Today's sweet story in the Minneapolis Star Tribune about soldier fathers being separated from their babies during war ("A bond between fathers from one war to another") made me think of a story in our "Growing Up in Edina" exhibit, now on display at the Edina History Museum.
Bonnie Ott England grew up on 5524 Brookview Avenue built at the end of World War II. "My parents Bill and Helen Ott built the house at in 1940, one of the first on the block. We had a neighborhood full of kids on that block once other young families moved in. We played outside in all seasons, mostly in our yards, but also roaming the open fields in search of adventure," Bonnie wrote.
All of those children were war babies. Her father deeply missed being home to see the first years of his daughter's life; Bonnie didn't realize how much until after his death when she came across a letter he wrote to her on her first birthday.
"In the 1940s many American families were greatly impacted by World War II and ours was no exception. My Dad Bill Ott served in the U.S. Navy, Pacific Theater. He entered service in September of 1943 when I was just 9 months old. He returned home in November of 1945 as I was approaching 3 years of age.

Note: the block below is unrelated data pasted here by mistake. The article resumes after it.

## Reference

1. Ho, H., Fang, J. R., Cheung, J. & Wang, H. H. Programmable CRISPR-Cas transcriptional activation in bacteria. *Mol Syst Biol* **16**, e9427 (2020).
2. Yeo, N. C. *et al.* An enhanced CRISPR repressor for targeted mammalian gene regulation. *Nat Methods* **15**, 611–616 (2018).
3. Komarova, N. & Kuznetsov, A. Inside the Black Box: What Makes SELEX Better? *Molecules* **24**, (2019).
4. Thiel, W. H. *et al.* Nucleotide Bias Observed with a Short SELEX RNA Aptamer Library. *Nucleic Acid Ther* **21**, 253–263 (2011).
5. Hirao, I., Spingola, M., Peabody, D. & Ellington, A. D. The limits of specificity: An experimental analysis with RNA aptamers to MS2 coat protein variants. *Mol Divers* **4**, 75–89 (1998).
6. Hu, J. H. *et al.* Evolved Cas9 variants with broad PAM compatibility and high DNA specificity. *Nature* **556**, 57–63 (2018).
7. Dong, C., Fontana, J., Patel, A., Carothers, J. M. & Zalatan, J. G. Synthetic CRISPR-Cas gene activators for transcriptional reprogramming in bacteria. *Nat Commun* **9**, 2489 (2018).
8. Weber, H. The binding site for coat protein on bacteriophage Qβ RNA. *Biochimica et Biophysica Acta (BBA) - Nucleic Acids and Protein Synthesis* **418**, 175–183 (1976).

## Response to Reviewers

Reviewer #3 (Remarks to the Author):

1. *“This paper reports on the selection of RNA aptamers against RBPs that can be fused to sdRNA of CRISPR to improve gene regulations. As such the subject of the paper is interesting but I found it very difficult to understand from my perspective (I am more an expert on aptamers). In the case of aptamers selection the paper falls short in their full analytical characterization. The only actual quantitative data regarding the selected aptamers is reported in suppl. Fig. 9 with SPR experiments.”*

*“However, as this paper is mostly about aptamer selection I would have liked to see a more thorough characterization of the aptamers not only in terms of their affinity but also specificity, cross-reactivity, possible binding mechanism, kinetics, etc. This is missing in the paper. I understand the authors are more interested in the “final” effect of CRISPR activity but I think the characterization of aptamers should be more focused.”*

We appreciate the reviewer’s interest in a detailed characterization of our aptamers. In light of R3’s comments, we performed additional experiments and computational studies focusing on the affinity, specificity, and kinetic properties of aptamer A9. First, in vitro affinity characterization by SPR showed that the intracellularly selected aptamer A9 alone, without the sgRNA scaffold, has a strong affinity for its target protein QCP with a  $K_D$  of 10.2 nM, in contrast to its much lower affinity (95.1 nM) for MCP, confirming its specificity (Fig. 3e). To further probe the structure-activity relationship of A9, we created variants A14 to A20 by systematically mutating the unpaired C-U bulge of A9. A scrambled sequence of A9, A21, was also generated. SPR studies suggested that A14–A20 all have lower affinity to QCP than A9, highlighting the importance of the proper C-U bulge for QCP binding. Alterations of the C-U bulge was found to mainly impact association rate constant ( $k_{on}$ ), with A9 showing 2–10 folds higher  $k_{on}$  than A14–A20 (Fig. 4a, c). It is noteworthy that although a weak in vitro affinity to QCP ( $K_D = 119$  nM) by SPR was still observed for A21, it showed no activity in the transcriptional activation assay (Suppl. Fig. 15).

This was a time of difficult separation, but also of great love and longing, as evidenced by the letters he wrote daily to my Mom Helen. Among those letters is one written to me on my first birthday. It is a gift from him I will always cherish. I read it for the first time at age 59, following my Dad's passing in 2002."
Bonnie was too young to remember her first birthday without her father, but she still has a mahogany child's chair that was given to her as a gift from her family.
And now she knows the gift of a letter, sent before she could read but something she will treasure the rest of her life.
Like the fathers featured in the newspaper this morning, Bill imagined his daughter as she grew: "I still am able to picture you in memory. And more than that, for I can think of you in so many ways, and like for hours to imagine you at different ages ---right up to the time you are twenty-one. But you must know how poor a substitute this is to actually holding you on my lap or in my arms!"
What stories do you have about being a war baby in Edina? Or what letters have you saved that tell a piece of history? Comment here or please email me.
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